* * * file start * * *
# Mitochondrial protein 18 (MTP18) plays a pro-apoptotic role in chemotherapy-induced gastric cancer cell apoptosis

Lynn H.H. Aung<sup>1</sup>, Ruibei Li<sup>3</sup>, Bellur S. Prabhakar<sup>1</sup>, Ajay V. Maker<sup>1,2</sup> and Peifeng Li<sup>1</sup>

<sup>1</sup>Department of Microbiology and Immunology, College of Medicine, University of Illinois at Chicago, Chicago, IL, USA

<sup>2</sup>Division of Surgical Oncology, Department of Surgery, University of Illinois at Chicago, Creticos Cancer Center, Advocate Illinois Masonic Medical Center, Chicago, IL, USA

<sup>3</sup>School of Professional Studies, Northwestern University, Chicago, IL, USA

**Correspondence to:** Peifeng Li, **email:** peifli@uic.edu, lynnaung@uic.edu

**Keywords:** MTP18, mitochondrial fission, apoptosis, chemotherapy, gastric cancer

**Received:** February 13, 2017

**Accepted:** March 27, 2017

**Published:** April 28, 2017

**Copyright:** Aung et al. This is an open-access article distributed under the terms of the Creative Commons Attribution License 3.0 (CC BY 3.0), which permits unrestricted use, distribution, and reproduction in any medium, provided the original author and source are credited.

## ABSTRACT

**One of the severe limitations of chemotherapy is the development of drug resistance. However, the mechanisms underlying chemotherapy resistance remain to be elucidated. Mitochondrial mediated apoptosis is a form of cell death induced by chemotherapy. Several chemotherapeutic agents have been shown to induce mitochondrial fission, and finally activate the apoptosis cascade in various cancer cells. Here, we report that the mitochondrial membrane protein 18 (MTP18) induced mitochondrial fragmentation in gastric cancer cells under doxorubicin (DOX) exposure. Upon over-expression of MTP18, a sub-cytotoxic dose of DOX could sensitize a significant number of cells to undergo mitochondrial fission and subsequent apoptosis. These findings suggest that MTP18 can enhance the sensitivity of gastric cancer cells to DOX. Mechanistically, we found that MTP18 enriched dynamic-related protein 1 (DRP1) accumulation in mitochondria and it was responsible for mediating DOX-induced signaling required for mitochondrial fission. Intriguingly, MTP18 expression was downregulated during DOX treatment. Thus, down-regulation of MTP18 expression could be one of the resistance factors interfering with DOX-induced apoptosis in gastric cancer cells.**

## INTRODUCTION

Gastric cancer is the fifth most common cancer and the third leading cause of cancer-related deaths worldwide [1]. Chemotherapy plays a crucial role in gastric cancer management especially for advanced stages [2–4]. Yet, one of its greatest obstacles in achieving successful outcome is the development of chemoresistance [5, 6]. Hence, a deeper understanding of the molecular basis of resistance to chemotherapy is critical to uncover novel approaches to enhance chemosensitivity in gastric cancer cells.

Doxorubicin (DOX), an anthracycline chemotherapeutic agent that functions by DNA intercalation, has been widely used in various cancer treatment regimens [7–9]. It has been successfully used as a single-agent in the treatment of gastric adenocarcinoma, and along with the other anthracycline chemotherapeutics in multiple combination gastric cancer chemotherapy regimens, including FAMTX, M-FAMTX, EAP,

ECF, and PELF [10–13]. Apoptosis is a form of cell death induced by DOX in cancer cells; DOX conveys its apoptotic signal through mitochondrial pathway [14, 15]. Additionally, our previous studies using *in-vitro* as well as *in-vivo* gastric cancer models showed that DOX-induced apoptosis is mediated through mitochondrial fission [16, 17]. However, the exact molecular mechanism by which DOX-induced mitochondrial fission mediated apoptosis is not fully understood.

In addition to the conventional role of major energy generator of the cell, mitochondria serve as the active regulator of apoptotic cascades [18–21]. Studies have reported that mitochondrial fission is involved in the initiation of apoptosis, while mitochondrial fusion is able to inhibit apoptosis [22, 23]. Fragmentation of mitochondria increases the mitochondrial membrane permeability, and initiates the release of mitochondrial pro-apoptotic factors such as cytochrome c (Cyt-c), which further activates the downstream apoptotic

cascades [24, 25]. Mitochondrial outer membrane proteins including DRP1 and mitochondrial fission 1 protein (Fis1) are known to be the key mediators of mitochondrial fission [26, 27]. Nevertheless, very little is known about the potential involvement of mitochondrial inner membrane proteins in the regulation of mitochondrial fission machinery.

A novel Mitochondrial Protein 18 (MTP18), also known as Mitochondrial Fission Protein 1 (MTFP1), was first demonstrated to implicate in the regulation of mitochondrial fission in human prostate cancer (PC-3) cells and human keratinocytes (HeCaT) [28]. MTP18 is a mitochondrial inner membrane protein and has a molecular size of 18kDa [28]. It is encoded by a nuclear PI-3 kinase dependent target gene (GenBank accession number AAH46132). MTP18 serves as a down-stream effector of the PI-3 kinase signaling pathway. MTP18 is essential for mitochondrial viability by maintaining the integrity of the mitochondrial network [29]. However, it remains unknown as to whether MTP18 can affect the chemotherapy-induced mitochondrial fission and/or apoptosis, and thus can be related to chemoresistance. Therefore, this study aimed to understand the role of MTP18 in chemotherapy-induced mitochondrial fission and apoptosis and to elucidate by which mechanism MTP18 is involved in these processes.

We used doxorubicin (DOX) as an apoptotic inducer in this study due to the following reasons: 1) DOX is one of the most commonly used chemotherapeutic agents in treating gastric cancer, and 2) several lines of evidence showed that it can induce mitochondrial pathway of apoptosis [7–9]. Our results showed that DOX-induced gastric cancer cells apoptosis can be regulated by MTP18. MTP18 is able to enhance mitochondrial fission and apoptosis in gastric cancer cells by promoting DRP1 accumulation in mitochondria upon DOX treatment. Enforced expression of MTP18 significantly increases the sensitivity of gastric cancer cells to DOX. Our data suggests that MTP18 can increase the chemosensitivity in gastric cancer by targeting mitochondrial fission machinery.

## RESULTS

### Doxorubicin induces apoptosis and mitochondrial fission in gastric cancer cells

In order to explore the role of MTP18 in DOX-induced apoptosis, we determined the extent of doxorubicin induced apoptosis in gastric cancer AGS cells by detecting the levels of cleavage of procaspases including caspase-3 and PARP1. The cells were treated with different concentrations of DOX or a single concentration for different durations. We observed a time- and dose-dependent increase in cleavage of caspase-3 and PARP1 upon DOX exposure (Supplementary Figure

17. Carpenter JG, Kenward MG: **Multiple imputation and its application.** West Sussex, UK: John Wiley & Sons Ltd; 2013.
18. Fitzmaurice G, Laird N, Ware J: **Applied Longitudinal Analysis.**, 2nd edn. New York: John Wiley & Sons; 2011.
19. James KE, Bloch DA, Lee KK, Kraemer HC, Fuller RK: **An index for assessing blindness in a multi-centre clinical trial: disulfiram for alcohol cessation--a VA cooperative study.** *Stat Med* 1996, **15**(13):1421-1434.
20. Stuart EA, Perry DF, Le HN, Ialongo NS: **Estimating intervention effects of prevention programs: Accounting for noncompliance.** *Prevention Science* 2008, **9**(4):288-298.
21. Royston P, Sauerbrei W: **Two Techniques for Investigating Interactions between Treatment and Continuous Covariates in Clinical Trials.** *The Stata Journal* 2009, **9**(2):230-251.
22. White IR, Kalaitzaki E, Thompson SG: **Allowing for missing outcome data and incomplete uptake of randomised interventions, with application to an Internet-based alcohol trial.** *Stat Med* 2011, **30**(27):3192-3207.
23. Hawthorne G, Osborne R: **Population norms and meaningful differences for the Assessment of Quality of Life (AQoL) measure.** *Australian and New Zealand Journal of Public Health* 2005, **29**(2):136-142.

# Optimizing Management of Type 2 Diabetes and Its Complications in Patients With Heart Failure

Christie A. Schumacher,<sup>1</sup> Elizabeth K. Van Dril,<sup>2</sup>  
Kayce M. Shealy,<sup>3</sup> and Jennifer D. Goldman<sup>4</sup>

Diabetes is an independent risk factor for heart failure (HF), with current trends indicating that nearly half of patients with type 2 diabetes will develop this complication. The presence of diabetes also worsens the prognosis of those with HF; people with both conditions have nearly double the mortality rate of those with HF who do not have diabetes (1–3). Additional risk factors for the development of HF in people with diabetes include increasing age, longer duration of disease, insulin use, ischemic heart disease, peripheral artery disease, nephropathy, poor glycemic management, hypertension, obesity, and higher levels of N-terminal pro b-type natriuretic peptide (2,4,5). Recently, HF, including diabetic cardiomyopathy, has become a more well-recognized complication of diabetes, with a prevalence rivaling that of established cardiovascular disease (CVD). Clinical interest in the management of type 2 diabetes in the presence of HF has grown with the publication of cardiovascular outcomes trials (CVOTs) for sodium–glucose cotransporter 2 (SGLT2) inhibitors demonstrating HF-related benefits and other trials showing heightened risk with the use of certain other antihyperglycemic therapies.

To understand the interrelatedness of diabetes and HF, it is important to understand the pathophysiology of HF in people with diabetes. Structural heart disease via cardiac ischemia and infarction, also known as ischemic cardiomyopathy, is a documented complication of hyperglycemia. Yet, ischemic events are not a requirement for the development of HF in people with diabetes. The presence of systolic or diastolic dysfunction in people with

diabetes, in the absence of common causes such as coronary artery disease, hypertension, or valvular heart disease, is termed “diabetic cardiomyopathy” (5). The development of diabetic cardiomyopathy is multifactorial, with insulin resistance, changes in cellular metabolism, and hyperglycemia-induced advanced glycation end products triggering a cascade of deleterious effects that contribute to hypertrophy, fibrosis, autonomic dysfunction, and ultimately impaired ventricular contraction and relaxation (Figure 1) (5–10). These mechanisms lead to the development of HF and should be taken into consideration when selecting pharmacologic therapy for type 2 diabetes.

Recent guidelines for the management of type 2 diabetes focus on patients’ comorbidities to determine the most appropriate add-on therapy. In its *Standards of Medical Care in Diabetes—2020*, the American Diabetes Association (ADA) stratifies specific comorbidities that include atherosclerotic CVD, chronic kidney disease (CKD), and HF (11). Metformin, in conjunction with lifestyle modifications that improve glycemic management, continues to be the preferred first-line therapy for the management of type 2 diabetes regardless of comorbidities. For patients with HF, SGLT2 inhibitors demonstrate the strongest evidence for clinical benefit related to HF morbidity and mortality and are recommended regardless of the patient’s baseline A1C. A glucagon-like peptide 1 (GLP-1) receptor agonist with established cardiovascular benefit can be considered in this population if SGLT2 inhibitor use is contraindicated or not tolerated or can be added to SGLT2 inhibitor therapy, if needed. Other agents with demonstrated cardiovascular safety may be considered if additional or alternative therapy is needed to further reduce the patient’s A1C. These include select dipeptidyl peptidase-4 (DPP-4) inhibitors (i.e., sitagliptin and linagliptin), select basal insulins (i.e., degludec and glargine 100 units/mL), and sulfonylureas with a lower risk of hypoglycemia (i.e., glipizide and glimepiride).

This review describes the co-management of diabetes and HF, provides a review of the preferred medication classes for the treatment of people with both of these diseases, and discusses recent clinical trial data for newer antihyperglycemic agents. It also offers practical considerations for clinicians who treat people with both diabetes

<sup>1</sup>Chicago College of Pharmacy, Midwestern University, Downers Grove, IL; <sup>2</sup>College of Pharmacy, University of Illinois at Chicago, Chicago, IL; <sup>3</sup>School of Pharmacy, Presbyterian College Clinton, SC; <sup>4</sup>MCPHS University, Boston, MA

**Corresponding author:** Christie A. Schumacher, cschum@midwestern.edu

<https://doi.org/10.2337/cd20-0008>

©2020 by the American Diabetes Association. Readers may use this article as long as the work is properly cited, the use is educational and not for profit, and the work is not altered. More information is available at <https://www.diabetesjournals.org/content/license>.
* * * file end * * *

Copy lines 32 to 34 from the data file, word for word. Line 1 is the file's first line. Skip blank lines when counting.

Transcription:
# Optimizing Management of Type 2 Diabetes and Its Complications in Patients With Heart Failure

Christie A. Schumacher,<sup>1</sup> Elizabeth K. Van Dril,<sup>2</sup>  
Kayce M. Shealy,<sup>3</sup> and Jennifer D. Goldman<sup>4</sup>